Technical reports should describe the proposed approach and provide all the details to ensure reproducibility. Authors may choose to report additional objective/subjective metrics in their paper. At the end of the Challenge, technical reports will be made available on the IS2 website.

Please notice that technical reports will not be included in the Symposium Proceedings. Nevertheless, authors are warmly encouraged to submit a regular IS² 2024 paper outlining their PLC method. Regular papers will undergo the normal peer-review process, whereas technical reports will not.

Paper acceptance and registration to the conference are not required for taking part in the 2024 Music Packet Loss Concealment Challenge.

Official Templates

For drafting the 2-page technical report, please use the same LaTeX and Word template as of regular IS2 papers. Official templates can be found here: IEEE conference templates

Evaluation Rules

Blind Test Set

The blind test set consists of several single-channel audio clips in a 16bit-44.1kHz wav format. Every file consists of a short clip of a closed-miked solo-instrument performance. The dataset will comprise various acoustic instruments, including strings, brass instruments, bass, and classical guitar.

The audio clips are artificially degraded by dropping packets according to predetermined “packet traces,” i.e., text files containing a string of binary digits: 0 if a packet was correctly received and 1 if the packet was lost. Every digit in a packet trace corresponds to 512 samples. Traces do not contain explicit temporal information, and the packet rate is implicitly determined by the audio sampling rate.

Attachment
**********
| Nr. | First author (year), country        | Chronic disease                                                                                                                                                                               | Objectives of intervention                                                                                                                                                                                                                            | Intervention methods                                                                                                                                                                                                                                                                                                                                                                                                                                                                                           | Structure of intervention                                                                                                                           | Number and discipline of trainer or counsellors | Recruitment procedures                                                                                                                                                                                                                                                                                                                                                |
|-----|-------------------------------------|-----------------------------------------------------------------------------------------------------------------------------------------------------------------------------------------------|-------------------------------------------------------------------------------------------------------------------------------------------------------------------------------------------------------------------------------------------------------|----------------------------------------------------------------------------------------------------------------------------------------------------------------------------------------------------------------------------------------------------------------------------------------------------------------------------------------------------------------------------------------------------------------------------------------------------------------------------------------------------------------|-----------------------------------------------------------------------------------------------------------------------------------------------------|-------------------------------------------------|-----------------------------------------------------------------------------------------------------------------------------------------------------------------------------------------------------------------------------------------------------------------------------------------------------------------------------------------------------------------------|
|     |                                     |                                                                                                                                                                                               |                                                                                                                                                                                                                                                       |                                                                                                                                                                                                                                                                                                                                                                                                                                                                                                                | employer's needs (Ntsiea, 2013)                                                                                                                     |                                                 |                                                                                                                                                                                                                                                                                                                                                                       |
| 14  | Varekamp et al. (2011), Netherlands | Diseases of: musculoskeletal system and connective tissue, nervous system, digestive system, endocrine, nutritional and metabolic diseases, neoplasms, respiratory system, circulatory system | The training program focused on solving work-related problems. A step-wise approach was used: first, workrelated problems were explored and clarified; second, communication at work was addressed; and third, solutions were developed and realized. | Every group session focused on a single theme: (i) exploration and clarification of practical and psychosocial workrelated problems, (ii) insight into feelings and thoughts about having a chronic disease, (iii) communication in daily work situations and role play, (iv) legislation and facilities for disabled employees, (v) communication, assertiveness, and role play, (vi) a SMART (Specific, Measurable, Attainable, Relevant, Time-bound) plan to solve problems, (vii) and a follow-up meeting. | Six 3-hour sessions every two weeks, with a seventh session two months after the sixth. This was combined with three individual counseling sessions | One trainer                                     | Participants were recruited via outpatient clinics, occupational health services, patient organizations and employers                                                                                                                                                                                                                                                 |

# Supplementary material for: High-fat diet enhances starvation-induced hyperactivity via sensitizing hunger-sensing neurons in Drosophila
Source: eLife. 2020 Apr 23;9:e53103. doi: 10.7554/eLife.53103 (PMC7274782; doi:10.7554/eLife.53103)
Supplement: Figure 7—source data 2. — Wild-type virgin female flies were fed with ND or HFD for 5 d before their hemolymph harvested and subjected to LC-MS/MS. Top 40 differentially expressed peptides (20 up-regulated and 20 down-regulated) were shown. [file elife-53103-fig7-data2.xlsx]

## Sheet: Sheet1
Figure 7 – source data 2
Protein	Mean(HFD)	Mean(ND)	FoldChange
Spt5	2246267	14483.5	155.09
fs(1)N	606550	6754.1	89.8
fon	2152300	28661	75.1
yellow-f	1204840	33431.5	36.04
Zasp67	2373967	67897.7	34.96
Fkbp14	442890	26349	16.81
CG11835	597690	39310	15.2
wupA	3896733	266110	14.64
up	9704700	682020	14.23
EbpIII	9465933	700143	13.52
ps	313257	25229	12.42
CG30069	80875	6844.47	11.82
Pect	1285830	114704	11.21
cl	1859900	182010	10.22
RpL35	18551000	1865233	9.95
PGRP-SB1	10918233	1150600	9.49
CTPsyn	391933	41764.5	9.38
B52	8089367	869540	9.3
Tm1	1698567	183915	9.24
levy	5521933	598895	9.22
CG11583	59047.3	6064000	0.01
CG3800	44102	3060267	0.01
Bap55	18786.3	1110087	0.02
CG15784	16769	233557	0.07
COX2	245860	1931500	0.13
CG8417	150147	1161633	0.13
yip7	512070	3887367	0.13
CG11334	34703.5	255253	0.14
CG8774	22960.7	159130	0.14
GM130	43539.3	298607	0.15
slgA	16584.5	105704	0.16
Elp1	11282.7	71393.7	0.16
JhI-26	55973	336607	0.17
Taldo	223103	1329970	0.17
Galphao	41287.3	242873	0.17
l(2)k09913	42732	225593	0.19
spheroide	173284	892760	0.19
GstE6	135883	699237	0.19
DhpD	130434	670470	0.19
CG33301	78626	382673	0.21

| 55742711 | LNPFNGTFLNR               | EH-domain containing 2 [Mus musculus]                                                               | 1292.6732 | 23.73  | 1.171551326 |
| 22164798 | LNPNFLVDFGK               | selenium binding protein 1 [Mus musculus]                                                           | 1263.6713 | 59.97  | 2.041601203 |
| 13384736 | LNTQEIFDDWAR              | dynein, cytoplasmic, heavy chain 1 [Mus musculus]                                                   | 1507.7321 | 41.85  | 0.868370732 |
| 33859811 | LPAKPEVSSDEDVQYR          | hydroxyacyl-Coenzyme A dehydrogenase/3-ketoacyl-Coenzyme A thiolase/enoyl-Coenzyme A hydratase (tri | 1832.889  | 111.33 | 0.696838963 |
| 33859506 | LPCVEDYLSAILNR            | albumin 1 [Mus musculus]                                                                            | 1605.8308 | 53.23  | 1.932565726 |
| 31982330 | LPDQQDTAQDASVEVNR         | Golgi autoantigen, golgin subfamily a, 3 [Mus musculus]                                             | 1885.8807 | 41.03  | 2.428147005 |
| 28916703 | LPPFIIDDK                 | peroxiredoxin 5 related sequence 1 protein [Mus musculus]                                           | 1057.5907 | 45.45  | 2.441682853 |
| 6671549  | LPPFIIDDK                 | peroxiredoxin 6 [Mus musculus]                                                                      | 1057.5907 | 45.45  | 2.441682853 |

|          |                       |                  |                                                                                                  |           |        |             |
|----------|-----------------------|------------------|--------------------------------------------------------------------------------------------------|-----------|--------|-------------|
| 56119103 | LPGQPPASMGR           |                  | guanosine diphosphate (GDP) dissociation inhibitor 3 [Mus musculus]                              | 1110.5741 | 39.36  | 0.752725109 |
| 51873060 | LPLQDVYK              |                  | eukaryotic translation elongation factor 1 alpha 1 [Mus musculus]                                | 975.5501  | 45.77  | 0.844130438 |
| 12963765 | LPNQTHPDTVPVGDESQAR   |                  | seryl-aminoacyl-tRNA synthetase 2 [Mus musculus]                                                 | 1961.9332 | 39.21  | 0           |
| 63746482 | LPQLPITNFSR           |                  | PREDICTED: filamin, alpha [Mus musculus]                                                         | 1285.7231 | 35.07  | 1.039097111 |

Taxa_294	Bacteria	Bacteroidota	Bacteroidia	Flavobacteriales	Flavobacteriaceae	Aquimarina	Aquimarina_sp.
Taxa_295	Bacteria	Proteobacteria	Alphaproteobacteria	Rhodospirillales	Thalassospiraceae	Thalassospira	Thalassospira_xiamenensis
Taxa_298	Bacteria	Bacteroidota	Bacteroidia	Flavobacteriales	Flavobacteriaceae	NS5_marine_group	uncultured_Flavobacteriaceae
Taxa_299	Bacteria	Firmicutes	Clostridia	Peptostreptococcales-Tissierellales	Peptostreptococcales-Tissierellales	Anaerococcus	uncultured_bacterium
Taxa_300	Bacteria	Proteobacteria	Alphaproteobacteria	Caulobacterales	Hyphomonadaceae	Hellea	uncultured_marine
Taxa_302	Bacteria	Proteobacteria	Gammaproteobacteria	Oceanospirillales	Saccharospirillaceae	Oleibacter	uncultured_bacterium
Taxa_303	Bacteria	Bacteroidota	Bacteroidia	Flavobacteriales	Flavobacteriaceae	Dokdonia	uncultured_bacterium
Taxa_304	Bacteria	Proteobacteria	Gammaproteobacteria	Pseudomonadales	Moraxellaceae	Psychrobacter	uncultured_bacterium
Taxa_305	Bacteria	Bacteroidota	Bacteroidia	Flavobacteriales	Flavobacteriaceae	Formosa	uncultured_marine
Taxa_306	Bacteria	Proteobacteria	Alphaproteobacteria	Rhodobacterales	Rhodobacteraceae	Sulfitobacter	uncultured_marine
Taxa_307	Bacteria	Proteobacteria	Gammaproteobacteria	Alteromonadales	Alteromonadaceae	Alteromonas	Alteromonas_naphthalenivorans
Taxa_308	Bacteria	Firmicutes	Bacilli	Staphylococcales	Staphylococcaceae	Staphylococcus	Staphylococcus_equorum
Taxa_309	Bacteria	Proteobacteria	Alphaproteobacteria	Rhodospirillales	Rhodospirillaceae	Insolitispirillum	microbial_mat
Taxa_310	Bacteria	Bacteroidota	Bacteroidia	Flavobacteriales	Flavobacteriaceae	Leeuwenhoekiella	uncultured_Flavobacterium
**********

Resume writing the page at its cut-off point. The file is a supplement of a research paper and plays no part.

The packet traces used to create the blind test set were repurposed from the INTERSPEECH 2022 Audio Deep Packet Loss Concealment Challenge (GitHub).

Said traces are divided into three subsets according to the maximum burst loss length:

  • Subset 1. Bursts of up to 6 consecutive packets
  • Subset 2. Bursts of 6 to 16 consecutive packets
  • Subset 3. Bursts of 16 to 50 consecutive packets

We sample packet traces from subset 1 (with high probability) and subset 2 (with low probability). We do not sample traces from subset 3.

The resulting packet traces will be made available in txt format along with the corresponding degraded audio clips. In practice, such a degradation consists of filling the missing packets with zeros in the waveform domain.

The blind test set will be released shortly before the Challenge submission deadline.

Participants are forbidden from using the blind test set to retrain or tune their models. They should not submit results using other PLC methods other than the one they have developed. Failing to adhere to these rules will lead to disqualification from the Challenge.

Evaluation Procedure